This kind of conversation comes easily to some (as my mom might say, I have the gift of gab), but for those who are a little less comfortable on the phone, there are many great podcasts to get you warmed up. While commuting or jogging on the treadmill, tune in to Rachel Rofe, Mark Hunter, or the empowerMINT team. These skills will help you both in business and in life.
Celebrate Good Times, Come On” (with apologies to Kool & the Gang)
This is not to say your touchpoints should be confined to planned, regular outreaches. When your client closes on a new home or finds out they are about to have twins, call and say congratulations. Let them know that their celebrations are your celebrations, too.
Similarly, let clients know about your own successes. Is there a new product offering, or are you starting an enhanced referral campaign? Let your clients know.
This means you must listen for subtle cues – a lessen I learned at the ripe age of 7. That was the year when all I wanted for Christmas were Reebok pumps. I subtly asked everyone for the sneakers, circling them in magazines and pointing them out in the store as we walked by. As the big day approached, I was certain my grandmother was the one who would get them. Christmas came, and I patiently left Grandma’s gift for last. At long last, I tore through the red and white wrapping paper, only to discover tube socks. Tube. Socks. My 7-year-old self was crushed.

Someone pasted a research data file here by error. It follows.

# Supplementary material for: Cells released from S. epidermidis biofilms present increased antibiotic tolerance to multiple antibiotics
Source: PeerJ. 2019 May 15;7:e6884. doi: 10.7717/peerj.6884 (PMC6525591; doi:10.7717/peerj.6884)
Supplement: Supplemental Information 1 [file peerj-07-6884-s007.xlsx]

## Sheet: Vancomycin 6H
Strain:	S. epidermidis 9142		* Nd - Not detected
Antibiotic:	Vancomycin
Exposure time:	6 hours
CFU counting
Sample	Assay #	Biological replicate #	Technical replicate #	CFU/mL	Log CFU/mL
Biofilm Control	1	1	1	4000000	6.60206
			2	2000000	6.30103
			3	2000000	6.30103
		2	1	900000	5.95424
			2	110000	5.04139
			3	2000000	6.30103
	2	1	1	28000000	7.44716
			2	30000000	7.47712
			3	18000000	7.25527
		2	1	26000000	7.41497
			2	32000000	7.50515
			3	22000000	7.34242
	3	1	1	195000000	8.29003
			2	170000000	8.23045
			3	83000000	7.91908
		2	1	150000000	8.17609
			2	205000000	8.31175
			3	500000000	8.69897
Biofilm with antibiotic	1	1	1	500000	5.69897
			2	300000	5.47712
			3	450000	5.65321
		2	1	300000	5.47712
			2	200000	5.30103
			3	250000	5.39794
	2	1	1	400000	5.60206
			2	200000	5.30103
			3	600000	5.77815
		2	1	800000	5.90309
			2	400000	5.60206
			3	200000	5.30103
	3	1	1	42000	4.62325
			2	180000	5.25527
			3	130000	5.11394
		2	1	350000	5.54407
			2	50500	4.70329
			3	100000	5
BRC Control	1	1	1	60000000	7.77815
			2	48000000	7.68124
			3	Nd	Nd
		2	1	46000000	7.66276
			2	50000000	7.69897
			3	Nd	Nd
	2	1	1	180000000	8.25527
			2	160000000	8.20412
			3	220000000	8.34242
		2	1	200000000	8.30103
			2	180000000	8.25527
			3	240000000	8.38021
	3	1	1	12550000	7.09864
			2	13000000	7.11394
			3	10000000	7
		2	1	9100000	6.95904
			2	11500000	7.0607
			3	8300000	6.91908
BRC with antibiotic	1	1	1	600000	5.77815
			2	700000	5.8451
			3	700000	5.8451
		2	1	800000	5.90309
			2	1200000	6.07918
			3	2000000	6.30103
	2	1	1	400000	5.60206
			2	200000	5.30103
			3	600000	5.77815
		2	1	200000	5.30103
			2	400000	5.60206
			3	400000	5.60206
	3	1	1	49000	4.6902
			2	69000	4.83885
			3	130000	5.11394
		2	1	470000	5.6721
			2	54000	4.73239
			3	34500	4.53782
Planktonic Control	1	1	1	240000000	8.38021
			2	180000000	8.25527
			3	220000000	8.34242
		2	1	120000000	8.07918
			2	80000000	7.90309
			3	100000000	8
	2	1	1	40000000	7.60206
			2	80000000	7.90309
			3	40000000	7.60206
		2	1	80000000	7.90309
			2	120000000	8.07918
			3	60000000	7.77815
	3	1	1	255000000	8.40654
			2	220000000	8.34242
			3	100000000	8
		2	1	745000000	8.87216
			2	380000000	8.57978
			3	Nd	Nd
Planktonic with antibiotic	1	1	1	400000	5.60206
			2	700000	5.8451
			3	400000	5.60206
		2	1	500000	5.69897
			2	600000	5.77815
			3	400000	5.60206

The takeaway was clear: my desires had been overlooked.
In your client relationship, make sure to really listen to what is being said. Did a client mention a potential vacation in passing? Write it down and ask about it later. Did a client express concern about a given product? Follow up with information about that product’s returns. Leveraging these “moments of joy” can translate into better, more open conversations in the long run.